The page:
Why Didn’t Professor Bose Attend The Wedding?

Challenging the status of widows in India is not just a function of legislation - but something all of us can do.

Guest Blogger Rita Banerji is a writer and photographer. She’s the author of Sex and Power: Defining History, Shaping Societies, a historical look at how India’s perceptions of gender, sex and sexuality have led to the ongoing female genocide. She’s also the founder of The 50 Million Missing, an online campaign to raise awareness about India’s female genocide.  Her website is www.ritabanerji.com Twitter handle: @rita_banerji

By 2030 India will have annihilated 20% of its female population – killed at every stage of life, before and after birth, for one reason only: because they are female!

What can individuals do to help stop this horrific genocide? This is the question that I am most frequently asked as director of The 50 Million Missing, a campaign I founded in 2006, to raise awareness about India’s ongoing female genocide.

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My response always is that as individuals we need to “bring the revolution home.” By that I mean, that we need to examine the choices and responses we make in our individual lives, particularly when we have the option to do so.  

India’s female genocide is the result of a cultural misogyny—a hatred of females—that manifests in explicit forms of violence like the murders of women for dowry, or the killings of infant girls.  But what sustains this misogyny?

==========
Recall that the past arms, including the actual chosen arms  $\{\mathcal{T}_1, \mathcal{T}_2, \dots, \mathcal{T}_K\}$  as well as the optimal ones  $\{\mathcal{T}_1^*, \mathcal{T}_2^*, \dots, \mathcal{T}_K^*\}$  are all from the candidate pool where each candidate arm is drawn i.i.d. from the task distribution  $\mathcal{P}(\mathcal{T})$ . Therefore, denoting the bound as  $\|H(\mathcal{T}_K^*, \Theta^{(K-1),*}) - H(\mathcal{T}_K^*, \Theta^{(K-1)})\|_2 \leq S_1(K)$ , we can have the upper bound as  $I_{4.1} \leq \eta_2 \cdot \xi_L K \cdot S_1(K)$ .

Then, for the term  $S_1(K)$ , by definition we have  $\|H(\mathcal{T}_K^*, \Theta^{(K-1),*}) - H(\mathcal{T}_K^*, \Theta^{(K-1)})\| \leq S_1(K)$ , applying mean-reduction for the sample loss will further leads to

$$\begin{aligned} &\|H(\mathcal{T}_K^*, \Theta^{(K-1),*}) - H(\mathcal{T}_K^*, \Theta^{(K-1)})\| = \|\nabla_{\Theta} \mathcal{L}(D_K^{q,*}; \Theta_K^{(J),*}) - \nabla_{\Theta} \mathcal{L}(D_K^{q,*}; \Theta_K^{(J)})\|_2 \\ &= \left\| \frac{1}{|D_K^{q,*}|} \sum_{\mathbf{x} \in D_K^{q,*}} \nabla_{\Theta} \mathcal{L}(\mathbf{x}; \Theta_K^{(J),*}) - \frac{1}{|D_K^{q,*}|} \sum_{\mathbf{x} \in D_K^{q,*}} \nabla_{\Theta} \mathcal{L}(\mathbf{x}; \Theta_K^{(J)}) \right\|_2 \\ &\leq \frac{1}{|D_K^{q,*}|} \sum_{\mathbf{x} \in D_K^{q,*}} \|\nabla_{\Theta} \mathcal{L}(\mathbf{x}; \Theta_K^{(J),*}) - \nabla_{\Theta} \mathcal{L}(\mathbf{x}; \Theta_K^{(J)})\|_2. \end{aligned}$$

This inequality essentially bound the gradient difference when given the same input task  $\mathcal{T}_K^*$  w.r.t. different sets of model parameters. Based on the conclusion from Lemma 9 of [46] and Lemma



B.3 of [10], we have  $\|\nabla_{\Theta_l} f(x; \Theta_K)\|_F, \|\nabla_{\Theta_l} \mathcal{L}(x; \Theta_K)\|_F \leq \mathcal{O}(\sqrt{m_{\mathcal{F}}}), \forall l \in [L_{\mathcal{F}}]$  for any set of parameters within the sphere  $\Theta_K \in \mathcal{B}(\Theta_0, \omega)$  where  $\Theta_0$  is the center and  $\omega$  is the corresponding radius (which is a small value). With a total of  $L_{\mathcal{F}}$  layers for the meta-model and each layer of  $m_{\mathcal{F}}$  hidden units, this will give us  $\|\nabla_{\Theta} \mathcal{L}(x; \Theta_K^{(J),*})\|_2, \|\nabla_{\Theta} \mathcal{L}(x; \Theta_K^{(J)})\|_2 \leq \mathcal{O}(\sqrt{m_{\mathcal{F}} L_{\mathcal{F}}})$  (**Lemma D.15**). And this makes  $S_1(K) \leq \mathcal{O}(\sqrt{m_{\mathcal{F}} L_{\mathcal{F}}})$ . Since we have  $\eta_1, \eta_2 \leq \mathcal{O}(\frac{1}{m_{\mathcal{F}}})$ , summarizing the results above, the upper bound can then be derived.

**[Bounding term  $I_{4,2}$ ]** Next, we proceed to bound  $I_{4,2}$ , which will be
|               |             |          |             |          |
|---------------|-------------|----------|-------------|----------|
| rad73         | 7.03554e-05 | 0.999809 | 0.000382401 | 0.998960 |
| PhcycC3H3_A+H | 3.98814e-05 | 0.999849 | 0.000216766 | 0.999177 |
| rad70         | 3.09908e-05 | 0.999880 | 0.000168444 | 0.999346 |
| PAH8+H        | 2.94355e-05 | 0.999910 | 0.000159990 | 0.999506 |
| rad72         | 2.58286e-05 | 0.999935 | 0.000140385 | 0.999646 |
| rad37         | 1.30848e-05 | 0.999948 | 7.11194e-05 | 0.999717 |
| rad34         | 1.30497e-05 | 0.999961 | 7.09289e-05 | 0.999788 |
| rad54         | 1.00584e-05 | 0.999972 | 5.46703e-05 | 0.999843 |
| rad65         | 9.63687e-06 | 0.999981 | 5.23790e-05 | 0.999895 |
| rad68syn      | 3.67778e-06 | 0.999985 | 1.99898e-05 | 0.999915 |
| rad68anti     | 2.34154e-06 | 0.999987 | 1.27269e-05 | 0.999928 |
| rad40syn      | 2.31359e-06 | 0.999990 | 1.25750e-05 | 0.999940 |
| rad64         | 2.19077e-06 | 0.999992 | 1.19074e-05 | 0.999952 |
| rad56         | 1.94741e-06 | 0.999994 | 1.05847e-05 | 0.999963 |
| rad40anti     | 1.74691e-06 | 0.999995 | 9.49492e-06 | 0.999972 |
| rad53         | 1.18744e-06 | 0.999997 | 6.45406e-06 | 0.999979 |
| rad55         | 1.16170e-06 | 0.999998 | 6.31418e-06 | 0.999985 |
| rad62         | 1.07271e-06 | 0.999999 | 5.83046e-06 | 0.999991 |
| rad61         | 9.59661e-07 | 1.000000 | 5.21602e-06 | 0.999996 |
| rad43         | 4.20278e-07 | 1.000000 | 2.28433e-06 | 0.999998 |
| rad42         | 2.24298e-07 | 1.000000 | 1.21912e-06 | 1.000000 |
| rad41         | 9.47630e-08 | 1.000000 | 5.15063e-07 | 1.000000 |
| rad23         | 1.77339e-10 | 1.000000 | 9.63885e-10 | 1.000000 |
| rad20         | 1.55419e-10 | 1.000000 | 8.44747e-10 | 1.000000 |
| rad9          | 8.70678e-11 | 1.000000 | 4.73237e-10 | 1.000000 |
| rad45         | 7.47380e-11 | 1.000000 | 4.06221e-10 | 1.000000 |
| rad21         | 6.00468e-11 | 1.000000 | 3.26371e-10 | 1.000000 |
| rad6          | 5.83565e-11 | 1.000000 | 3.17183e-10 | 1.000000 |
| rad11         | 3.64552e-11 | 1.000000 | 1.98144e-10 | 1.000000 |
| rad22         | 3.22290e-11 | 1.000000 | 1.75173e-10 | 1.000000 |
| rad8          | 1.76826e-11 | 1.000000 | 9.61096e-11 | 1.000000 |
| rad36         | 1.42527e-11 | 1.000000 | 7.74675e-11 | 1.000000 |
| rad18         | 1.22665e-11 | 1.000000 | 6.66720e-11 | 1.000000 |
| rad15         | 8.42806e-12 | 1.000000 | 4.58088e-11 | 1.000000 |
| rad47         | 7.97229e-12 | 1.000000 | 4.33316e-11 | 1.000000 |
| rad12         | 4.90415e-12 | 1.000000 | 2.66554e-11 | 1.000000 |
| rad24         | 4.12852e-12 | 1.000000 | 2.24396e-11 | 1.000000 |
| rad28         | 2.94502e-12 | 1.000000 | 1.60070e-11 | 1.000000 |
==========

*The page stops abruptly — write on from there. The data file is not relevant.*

It is the subtle ideas, beliefs and social customs, which most people in India follow willingly or unthinkingly – not realizing how, even if they are not be directly killing girls or women, they are feeding the social mind-set that is.

This is where Professor Bose’s story comes in.  Professor Bose (name changed) is a family friend of ours.  She comes from a family of scholars, and though retired now, she taught for many years at the IIM – the Indian Institute of Management, India’s elite management schools.  She’s well traveled, speaks a number of European and Indian languages, and is highly conversant in a range of social and political issues.

Last year, an old student of hers, who himself is a professor now, invited her to his wedding reception.  It was subtly made clear to Professor Bose that she was not invited to the actual wedding.  The reason why this was so is because of an extreme social prejudice towards widows in India that is both historical and vile.  Considered as ‘harbingers of bad luck’ widows would be summarily disposed off through the custom of ‘sati,’ where they were burnt alive on their husbands’ pyre.  Though incidents of sati are now rare because of an enforced law banning the custom, widows continue to be socially isolated, subjected to all forms of abuse, and even among the educated,  middle and upper class Indians, widows still face a discreet, even if unstated form of prejudice.